Decoding Nature’s Pantry: Unraveling the Mystery of Beans as a Grain

Embark on a journey of discovery as we delve into the fascinating world of beans, often referred to as nature’s hidden gems. In this article, we peel back the layers of mystery surrounding beans by exploring their remarkable versatility and health benefits. Beyond being a staple in culinary traditions worldwide, beans offer a wealth of nutrients and culinary possibilities that have captured the attention of health enthusiasts and chefs alike.

Join us as we decode the secrets of beans as a grain, uncovering their rich history, nutritional value, and culinary potential. From the humble lentil to the exotic adzuki bean, this exploration will shed light on how beans have earned their place as a beloved ingredient in diverse cuisines and continue to inspire creativity in the kitchen.

Quick Summary
No, beans are not considered a grain. Beans belong to the legume family, while grains come from cereal plants. Legumes, including beans, peas, and lentils, are known for their high protein and fiber content, whereas grains like rice, wheat, and oats mainly provide carbohydrates. Beans are a nutritious addition to a balanced diet and offer a variety of health benefits due to their unique nutrient profile.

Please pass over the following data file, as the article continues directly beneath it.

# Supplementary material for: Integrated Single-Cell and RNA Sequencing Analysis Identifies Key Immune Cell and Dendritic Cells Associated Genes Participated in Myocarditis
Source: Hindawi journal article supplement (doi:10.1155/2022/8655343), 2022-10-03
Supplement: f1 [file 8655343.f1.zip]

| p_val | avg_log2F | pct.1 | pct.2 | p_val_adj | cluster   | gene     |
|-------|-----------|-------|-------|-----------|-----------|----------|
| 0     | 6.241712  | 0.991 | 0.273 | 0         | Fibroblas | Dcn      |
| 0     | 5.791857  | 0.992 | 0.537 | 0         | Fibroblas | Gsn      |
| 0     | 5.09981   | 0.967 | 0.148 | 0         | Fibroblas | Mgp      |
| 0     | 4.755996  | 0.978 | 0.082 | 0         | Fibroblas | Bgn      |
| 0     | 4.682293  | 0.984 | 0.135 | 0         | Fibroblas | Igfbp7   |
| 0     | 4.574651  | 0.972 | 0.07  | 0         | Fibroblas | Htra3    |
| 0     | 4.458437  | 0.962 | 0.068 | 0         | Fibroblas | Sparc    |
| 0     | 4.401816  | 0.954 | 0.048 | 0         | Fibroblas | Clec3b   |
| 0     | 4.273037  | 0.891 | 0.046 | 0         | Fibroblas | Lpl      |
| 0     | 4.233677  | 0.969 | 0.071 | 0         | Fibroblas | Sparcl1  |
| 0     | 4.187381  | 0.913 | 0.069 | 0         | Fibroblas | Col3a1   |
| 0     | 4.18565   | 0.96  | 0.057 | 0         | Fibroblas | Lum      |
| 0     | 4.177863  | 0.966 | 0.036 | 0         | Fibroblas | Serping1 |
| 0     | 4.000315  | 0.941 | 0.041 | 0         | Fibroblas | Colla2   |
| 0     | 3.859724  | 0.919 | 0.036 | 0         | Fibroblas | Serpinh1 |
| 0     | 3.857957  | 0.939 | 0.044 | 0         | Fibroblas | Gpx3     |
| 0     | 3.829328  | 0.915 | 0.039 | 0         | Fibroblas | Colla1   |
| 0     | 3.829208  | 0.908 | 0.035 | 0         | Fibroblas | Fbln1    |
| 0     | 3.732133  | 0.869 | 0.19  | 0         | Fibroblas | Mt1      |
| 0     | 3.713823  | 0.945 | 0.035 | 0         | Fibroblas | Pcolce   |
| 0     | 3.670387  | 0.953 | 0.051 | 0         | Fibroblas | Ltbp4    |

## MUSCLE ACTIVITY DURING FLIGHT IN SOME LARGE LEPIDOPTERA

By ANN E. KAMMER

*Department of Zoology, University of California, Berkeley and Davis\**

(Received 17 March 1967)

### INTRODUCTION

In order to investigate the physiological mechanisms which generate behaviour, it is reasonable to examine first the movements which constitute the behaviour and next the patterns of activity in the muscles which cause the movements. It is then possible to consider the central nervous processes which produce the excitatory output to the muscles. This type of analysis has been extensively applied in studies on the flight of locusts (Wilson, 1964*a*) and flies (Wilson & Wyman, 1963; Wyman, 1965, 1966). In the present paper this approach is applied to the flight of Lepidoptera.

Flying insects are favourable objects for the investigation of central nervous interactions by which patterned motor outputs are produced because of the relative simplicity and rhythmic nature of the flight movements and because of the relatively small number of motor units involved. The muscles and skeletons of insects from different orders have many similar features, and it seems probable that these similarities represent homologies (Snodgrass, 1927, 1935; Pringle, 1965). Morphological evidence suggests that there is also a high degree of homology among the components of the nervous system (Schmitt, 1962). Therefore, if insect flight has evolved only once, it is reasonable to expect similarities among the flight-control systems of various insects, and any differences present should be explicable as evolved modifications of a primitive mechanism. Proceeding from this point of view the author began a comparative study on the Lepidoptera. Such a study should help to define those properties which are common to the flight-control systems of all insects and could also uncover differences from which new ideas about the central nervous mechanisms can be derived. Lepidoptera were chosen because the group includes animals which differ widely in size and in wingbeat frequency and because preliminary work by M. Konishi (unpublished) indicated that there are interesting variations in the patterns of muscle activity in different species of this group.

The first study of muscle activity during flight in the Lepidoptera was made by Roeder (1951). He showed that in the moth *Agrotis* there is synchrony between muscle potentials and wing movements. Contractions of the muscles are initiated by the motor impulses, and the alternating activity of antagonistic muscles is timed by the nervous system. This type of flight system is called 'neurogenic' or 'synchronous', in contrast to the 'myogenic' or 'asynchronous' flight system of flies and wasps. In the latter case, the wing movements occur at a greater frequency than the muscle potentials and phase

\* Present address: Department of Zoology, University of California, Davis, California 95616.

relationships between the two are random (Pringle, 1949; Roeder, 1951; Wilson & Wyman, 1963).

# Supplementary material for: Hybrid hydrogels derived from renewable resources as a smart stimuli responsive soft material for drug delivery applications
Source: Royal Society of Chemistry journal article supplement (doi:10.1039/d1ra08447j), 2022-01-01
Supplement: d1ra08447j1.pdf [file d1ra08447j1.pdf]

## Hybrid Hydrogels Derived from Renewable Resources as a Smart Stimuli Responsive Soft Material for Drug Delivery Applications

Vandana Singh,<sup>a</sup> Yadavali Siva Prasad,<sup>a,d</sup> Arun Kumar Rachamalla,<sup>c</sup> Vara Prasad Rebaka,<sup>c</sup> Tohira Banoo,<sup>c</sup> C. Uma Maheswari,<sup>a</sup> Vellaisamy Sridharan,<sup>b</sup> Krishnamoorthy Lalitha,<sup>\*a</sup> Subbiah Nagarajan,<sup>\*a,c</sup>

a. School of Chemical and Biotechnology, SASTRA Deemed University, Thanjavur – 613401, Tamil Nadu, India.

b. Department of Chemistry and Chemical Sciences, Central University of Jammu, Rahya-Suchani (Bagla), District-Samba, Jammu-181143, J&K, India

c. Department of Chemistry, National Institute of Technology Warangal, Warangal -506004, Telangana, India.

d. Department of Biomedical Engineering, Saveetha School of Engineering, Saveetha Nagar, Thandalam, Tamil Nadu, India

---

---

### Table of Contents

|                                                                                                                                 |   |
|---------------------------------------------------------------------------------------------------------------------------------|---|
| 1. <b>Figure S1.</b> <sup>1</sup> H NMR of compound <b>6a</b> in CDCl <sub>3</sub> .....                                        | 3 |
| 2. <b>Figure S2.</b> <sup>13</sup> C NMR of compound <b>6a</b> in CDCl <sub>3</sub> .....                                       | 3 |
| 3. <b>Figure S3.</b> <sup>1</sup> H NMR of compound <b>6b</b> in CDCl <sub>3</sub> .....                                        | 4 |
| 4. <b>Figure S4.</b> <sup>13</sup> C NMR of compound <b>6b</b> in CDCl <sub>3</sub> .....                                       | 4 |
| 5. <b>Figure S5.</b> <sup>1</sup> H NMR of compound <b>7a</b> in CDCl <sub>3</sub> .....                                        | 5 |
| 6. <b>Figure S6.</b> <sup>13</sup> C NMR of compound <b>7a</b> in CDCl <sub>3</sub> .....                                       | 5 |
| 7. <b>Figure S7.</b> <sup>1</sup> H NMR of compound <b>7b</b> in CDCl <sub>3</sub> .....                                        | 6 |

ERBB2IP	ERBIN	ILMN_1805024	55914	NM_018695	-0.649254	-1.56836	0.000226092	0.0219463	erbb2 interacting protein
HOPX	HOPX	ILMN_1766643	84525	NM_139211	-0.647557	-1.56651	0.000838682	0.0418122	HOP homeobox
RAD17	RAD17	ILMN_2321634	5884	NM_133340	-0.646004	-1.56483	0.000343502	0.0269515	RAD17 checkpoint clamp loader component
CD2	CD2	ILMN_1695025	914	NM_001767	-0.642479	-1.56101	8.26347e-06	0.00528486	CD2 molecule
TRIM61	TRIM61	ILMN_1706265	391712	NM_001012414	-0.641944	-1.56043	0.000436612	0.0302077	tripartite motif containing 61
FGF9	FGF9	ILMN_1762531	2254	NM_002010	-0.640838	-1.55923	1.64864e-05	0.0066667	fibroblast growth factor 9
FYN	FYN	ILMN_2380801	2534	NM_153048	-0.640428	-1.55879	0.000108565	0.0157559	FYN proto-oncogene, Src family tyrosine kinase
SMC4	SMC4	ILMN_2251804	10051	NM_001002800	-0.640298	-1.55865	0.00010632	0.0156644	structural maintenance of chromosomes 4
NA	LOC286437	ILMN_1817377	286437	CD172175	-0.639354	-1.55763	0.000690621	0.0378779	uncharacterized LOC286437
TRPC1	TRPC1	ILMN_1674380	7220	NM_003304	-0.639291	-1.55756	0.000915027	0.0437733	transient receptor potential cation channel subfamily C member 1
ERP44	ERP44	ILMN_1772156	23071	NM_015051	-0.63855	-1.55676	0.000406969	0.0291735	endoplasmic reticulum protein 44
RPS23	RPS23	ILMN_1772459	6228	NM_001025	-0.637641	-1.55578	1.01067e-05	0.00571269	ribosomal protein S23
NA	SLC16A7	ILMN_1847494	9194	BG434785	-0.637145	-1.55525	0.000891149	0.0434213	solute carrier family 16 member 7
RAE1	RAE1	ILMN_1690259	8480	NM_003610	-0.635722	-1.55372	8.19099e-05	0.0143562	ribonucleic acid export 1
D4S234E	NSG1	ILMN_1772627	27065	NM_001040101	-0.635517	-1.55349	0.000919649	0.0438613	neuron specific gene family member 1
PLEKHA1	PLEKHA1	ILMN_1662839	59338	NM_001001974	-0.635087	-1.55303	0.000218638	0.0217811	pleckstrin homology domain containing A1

The Nutritional Powerhouse Of Beans

Beans are a nutritional powerhouse that pack a punch when it comes to essential nutrients. Renowned for their high protein content, beans are an excellent plant-based source of this macronutrient, making them a valuable addition to vegetarian and vegan diets. They also boast an impressive array of vitamins and minerals, including folate, iron, potassium, and magnesium, all of which are vital for overall health and well-being.